Hwange is home to over 100 species of mammal, including some of Southern Africa’s rarest species. Amongst the most notable of these are the South African cheetah, listed as Vulnerable on the IUCN Red List; and the rarest of all hyena species, the brown hyena. Hwange National Park also provides a sanctuary for the highly endangered African wild dog. There are only 6,600 of these beautiful animals left, and Hwange’s population is one of the largest. The park’s diverse array of different habitats also allows for sightings of regional rarities like the desert-dwelling gemsbok and the woodland-loving sable antelope.
04 of 08
Book a Walking or Horseback Safari
Those that wish to travel back in time to Karen Blixen’s Africa should consider abandoning traditional 4x4 vehicles in favor of a walking or horseback safari. Both options are available at several of the private lodges in Hwange’s concession areas, and offer total immersion in the magic of the bush. On a walking safari, the slower pace allows you to notice things you may not have spotted from a vehicle. Your guide will teach you how to study and interpret spoor and give you an insight into the park’s fascinating flora. On horseback, animals are less wary than they would be on a regular safari - allowing for unforgettable close encounters.Continue to 5 of 8 below.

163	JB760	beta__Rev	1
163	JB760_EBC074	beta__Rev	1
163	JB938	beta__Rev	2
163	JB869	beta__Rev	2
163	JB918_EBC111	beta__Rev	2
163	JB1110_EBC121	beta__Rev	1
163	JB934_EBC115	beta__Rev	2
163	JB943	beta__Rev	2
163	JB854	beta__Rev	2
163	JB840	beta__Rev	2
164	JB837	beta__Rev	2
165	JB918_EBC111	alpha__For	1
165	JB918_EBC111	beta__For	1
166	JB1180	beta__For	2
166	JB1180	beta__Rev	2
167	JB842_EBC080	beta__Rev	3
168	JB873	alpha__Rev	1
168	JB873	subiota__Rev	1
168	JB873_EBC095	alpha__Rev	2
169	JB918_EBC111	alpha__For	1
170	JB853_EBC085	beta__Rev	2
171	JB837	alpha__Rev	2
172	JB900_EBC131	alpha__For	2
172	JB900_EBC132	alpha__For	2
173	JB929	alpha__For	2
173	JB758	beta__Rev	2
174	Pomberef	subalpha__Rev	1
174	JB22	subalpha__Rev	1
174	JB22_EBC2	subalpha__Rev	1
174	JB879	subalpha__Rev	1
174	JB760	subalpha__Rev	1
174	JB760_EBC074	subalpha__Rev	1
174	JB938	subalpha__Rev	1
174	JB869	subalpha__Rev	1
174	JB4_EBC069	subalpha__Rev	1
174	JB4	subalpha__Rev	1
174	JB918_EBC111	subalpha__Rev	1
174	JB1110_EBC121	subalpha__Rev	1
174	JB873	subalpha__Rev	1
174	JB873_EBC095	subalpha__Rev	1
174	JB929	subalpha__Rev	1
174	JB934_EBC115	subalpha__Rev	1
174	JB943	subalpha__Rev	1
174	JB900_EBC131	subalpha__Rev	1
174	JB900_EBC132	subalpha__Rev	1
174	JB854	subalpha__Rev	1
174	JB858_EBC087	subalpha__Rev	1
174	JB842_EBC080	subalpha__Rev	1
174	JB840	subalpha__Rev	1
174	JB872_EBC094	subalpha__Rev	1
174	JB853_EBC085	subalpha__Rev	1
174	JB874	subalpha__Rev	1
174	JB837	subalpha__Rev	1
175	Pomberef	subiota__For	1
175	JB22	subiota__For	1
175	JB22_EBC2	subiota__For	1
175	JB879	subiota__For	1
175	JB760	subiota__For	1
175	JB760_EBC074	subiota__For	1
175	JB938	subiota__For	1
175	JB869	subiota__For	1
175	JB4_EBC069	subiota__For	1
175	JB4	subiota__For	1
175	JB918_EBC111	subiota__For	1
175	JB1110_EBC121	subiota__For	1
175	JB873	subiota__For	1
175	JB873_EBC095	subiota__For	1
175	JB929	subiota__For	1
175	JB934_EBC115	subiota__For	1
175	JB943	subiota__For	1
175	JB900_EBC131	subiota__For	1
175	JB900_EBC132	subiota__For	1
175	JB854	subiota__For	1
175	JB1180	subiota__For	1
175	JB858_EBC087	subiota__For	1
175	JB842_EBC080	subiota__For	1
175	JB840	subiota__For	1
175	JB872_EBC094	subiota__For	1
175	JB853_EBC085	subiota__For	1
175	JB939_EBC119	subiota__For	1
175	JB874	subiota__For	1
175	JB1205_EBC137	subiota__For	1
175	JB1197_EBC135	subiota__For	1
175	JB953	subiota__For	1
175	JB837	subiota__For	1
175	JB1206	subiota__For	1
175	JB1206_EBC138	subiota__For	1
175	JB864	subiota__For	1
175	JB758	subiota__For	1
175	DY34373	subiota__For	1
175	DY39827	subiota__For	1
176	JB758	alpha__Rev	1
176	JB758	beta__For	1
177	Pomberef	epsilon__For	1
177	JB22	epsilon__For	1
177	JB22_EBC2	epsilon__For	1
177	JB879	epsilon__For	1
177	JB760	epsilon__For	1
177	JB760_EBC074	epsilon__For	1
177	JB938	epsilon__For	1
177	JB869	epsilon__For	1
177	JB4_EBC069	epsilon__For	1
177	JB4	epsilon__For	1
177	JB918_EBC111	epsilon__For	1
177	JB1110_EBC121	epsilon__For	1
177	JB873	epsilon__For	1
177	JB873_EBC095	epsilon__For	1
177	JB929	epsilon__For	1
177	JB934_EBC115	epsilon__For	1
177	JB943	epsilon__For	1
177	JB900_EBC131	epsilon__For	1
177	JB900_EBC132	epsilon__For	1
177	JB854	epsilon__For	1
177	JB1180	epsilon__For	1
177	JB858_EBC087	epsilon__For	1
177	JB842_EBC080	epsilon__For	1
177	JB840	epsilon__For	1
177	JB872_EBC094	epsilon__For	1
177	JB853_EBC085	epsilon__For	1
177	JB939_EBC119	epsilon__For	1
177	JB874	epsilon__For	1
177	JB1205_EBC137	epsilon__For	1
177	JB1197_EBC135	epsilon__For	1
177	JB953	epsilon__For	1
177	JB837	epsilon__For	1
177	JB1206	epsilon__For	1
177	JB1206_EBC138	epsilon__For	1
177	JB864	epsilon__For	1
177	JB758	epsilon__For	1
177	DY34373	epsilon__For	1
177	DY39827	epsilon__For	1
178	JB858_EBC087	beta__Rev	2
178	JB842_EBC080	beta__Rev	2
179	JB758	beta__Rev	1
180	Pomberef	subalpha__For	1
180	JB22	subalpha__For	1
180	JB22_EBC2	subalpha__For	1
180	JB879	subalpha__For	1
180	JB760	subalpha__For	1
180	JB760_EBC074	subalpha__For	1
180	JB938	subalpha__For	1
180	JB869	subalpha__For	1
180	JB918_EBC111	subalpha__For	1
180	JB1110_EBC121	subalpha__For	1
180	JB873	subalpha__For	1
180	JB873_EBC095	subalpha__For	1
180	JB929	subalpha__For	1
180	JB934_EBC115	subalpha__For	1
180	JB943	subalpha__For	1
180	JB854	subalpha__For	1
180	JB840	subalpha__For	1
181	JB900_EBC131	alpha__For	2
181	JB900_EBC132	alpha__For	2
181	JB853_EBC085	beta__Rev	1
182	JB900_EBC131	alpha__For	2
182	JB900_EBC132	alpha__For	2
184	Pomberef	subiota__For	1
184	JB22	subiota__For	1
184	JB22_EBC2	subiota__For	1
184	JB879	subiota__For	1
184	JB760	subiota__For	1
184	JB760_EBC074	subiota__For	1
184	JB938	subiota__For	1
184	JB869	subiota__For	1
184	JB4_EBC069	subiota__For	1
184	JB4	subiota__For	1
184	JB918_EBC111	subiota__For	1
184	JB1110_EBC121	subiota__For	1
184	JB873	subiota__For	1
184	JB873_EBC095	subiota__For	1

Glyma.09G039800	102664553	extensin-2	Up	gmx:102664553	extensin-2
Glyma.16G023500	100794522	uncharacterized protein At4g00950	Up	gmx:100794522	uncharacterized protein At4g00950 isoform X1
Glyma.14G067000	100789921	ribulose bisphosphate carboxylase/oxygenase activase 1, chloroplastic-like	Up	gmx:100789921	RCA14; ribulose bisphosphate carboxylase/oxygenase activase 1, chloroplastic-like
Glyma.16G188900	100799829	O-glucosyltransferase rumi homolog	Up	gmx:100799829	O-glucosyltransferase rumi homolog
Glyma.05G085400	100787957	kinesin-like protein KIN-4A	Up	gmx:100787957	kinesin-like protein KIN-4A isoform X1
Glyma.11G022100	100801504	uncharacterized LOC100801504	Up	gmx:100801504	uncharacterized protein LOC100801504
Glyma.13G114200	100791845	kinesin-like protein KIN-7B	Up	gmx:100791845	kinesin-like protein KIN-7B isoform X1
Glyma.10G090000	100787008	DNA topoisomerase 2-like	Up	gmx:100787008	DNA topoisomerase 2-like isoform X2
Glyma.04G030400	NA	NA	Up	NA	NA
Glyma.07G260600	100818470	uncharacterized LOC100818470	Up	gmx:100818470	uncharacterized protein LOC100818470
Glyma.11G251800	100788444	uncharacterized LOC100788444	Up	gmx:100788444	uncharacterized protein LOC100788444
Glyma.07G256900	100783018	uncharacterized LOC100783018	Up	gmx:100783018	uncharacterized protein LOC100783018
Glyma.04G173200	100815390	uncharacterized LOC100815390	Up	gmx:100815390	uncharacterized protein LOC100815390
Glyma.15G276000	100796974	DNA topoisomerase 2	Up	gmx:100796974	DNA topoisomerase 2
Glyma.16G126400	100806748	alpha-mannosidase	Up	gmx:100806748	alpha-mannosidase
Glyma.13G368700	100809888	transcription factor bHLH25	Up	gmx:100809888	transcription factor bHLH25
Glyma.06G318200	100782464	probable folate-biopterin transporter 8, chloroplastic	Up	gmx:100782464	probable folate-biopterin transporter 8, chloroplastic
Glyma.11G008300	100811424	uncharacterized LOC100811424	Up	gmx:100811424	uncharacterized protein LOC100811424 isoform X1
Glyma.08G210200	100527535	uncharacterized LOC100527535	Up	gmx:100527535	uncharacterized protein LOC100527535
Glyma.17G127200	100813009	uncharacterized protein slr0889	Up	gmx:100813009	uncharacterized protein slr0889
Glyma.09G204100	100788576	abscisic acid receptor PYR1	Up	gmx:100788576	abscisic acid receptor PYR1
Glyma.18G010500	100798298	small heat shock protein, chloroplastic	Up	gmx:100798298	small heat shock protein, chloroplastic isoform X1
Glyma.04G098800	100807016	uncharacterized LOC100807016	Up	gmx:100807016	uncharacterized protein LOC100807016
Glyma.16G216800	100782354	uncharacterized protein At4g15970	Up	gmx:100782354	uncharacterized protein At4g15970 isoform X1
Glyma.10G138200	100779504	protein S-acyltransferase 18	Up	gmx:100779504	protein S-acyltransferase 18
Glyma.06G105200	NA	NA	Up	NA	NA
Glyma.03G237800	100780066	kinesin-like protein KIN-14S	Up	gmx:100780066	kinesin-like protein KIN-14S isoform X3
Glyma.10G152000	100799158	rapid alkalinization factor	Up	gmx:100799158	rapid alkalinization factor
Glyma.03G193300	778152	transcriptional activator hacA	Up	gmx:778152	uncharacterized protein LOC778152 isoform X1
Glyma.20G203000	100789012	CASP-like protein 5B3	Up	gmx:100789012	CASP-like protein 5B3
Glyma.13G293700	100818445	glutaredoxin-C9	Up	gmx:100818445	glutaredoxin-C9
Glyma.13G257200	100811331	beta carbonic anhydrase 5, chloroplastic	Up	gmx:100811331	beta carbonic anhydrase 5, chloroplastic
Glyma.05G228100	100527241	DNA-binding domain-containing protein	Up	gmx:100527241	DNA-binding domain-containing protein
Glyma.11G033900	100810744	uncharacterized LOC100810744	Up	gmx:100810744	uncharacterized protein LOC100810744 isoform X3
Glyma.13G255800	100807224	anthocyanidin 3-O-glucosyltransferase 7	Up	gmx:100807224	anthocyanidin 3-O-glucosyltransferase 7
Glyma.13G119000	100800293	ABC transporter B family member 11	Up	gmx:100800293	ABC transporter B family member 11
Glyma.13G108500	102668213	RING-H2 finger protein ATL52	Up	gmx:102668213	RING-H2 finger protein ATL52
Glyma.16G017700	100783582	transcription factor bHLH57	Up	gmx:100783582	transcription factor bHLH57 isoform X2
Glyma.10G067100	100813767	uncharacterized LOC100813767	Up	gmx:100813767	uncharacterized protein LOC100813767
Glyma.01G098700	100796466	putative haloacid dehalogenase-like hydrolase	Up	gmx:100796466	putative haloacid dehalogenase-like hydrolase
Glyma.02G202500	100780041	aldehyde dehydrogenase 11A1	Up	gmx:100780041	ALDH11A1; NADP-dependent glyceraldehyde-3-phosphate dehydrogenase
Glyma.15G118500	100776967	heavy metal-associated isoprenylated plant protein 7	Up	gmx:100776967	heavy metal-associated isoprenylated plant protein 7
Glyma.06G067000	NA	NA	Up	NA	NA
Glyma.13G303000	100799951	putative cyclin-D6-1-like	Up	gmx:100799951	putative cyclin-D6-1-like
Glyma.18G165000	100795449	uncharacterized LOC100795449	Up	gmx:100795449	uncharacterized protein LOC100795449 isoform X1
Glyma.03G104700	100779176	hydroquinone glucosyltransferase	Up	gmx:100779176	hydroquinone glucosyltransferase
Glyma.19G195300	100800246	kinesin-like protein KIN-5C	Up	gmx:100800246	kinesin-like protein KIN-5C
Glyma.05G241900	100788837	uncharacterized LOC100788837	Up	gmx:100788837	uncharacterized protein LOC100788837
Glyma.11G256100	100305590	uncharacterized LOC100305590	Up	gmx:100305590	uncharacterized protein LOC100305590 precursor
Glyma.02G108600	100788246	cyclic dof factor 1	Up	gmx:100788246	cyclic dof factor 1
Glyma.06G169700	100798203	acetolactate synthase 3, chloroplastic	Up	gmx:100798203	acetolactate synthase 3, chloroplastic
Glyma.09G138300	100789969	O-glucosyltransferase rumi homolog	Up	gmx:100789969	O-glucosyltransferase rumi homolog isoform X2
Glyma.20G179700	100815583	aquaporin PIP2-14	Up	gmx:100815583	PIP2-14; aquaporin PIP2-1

05 of 08
Go on a Night Drive
In the concession areas, Hwange’s private lodges also offer night drives, allowing you to witness the transformation of the African bush that occurs after dark. These nocturnal safaris offer the best chance of spotting the park’s elusive leopard and often yield sightings of scavenging hyenas or lions on the hunt. Nighttime is also the best time for spotting nocturnal rarities like the aardwolf and the aardvark, as well as some of Zimbabwe’s smaller cat species. More common sightings like the springhare and the jackal are also highly rewarding, giving you the opportunity to tick off an entirely different cast of creatures from your safari bucket list.
06 of 08